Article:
Education

Home-Schooled Pupils Outscore Counterparts

By Debra Viadero — March 19, 1997 1 min read
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Students who are schooled at home fare better than public school pupils on most standardized tests, according to a national report.

The study by the National Home Education Research Institute, a Salem, Ore.-based advocacy group, is the largest survey to date on the nation’s growing home-schooled population, a group that is often difficult to track.

Brian D. Ray, the study’s author and the director of the institute, collected written questionnaire responses from the parents of 5,402 of the nation’s estimated 1.23 million home-schooled children. Parents were also asked to send copies of their children’s test scores to verify their responses.

On average, Mr. Ray found, home-schooled pupils who took the Iowa Test of Basic Skills outscored public school students by 37 percentile points. On the Stanford Achievement Test, home-schooled pupils had a 30-percentile-point advantage.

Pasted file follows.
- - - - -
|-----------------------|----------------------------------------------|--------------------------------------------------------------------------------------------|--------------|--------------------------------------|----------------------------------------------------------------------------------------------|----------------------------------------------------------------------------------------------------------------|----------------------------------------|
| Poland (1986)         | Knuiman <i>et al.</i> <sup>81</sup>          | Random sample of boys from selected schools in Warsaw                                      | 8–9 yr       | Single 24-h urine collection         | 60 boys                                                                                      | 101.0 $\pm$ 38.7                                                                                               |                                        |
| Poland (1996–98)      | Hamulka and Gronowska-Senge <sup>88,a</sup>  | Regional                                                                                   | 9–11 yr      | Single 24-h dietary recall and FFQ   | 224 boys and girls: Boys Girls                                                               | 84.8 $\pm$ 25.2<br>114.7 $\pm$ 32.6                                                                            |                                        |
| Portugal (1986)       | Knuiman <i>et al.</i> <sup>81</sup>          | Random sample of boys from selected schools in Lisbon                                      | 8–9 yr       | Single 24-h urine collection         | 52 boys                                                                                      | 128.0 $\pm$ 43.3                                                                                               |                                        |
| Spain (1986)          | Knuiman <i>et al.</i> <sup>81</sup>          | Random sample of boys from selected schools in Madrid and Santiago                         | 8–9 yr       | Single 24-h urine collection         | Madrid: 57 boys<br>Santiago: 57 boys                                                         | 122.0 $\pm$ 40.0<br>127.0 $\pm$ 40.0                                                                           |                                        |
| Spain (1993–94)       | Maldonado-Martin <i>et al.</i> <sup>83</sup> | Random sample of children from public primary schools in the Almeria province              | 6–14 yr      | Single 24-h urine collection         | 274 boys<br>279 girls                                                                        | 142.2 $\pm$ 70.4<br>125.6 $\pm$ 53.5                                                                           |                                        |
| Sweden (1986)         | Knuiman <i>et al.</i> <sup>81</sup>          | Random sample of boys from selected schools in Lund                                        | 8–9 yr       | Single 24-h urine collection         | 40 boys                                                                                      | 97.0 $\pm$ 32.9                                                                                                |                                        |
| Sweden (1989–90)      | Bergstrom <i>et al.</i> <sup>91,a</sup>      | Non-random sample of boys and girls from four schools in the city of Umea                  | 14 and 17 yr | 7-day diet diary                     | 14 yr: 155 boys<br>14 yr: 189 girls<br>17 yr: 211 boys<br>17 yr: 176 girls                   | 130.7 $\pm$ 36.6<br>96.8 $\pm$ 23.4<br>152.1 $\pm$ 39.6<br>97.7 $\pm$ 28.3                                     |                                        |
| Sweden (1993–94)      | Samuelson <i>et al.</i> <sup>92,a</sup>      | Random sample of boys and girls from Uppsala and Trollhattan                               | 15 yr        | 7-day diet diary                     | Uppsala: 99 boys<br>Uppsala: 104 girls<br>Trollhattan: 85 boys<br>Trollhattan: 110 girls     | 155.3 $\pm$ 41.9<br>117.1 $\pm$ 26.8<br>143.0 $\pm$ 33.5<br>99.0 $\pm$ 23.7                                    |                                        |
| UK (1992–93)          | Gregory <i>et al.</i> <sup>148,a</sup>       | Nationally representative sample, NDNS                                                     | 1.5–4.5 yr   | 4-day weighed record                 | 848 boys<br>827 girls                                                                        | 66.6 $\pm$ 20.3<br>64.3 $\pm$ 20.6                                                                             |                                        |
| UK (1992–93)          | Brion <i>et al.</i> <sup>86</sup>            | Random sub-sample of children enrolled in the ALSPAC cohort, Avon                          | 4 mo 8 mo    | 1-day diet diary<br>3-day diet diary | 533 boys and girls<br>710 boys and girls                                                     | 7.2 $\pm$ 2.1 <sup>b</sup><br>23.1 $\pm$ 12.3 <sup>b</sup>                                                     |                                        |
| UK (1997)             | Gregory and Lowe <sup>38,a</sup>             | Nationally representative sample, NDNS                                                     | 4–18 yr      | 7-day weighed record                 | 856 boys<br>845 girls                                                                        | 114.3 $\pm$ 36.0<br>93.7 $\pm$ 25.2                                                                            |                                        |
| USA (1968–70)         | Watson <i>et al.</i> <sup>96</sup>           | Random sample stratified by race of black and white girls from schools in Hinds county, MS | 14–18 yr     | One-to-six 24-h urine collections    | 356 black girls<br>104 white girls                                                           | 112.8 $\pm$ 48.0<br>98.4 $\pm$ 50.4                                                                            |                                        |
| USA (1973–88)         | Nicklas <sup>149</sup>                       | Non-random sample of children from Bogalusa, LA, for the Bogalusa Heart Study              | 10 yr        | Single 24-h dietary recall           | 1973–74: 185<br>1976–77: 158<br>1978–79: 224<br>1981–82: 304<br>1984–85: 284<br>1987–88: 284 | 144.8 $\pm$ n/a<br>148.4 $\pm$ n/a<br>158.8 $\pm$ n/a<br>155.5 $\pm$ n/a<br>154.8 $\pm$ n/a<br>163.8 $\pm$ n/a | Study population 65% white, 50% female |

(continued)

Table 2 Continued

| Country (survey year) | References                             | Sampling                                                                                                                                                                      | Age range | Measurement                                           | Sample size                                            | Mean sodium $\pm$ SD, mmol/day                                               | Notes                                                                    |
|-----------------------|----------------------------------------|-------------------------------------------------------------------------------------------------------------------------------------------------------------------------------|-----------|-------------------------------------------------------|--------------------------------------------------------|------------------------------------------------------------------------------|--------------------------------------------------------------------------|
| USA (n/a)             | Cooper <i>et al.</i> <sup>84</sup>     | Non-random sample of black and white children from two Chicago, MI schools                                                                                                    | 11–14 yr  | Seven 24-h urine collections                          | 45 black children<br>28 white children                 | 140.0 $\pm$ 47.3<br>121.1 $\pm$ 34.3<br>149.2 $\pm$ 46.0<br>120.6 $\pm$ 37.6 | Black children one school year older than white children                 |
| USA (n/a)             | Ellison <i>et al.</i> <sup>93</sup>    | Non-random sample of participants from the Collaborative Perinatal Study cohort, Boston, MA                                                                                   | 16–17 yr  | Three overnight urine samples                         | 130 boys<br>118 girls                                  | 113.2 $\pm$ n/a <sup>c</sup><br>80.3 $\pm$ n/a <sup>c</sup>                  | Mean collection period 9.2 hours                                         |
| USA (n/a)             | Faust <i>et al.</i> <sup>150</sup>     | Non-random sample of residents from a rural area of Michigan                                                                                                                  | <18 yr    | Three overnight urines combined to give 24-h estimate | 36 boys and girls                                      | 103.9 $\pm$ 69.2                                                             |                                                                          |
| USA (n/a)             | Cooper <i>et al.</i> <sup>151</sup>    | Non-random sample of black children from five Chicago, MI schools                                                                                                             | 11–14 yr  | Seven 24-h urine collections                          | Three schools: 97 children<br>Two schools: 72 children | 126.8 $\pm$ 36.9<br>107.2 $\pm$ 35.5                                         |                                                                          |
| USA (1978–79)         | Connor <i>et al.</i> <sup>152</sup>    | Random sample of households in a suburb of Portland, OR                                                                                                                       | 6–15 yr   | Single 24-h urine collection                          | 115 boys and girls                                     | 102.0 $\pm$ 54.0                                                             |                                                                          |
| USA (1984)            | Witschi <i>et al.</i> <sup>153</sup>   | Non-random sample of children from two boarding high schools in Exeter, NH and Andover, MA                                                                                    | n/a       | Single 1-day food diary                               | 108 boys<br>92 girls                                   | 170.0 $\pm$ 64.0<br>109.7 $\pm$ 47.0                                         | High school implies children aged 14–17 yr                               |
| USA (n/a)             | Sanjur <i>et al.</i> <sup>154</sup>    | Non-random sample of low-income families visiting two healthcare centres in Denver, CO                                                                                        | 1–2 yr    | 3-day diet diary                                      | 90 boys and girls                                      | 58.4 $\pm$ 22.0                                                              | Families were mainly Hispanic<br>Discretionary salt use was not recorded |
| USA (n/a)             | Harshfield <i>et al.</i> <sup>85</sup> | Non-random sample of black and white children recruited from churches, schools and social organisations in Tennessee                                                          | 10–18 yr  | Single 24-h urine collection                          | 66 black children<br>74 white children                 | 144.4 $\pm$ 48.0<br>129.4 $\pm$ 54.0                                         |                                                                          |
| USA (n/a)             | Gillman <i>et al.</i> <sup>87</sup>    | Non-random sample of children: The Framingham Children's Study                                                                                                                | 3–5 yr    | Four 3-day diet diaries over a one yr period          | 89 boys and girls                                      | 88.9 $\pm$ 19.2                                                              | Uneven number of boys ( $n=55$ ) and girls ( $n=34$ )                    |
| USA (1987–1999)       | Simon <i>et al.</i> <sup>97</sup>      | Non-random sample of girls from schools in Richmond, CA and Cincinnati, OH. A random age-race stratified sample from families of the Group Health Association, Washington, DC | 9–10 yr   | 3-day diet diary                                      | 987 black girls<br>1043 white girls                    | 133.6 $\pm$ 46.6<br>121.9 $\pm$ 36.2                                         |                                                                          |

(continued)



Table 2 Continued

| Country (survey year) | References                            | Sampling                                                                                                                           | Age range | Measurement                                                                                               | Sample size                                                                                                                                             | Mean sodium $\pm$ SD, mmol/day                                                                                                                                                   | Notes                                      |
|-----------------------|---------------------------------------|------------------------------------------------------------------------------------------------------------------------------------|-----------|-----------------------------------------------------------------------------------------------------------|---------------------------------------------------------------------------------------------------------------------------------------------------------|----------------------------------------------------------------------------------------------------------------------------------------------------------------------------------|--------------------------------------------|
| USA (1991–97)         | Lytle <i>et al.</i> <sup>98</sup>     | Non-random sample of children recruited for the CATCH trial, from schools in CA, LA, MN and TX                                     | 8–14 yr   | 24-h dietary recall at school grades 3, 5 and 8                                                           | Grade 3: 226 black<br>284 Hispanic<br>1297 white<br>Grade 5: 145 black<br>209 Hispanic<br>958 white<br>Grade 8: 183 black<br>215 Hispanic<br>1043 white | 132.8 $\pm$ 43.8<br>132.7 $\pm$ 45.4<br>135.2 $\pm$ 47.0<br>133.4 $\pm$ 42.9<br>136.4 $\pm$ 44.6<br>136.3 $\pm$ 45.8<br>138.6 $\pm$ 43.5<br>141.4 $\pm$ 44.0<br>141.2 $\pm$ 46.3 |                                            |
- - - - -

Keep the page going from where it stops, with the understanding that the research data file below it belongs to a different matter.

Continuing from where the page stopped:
Outside Activities Tracked

Children taught at home also outperformed public school students on the California Test of Basic Skills and the California Achievement Test.

The longer children had been educated at home, Mr. Ray found, the better they did on the tests.

Though the study provides more comprehensive data than earlier research did, its findings weren’t particularly surprising, said Bruce S. Cooper, a professor of administration, policy, and urban education at Fordham University in New York City, who tracks private schools.

“If you think about it, you’re getting one-on-one instruction, and from the research we know that’s the best way to learn something,” he said. “It’s just not practical for a whole society.”

Mr. Ray said his study also found that children’s high test scores had little to do with whether their parents had been certified as teachers. Students whose parents had teaching certificates scored only slightly higher than the children of nonteachers.

The report also rebuts the criticism that home-schooled children live socially isolated lives. According to the study, they regularly participate in an average of 5.2 activities outside their homes, ranging from Sunday school to sports teams.

Copies of the report, “Strengths of Their Own,” are available for $19.95 plus $2 shipping and handling from the National Home Education Research Institute, P.O. Box 13939, Salem, Ore. 97309.

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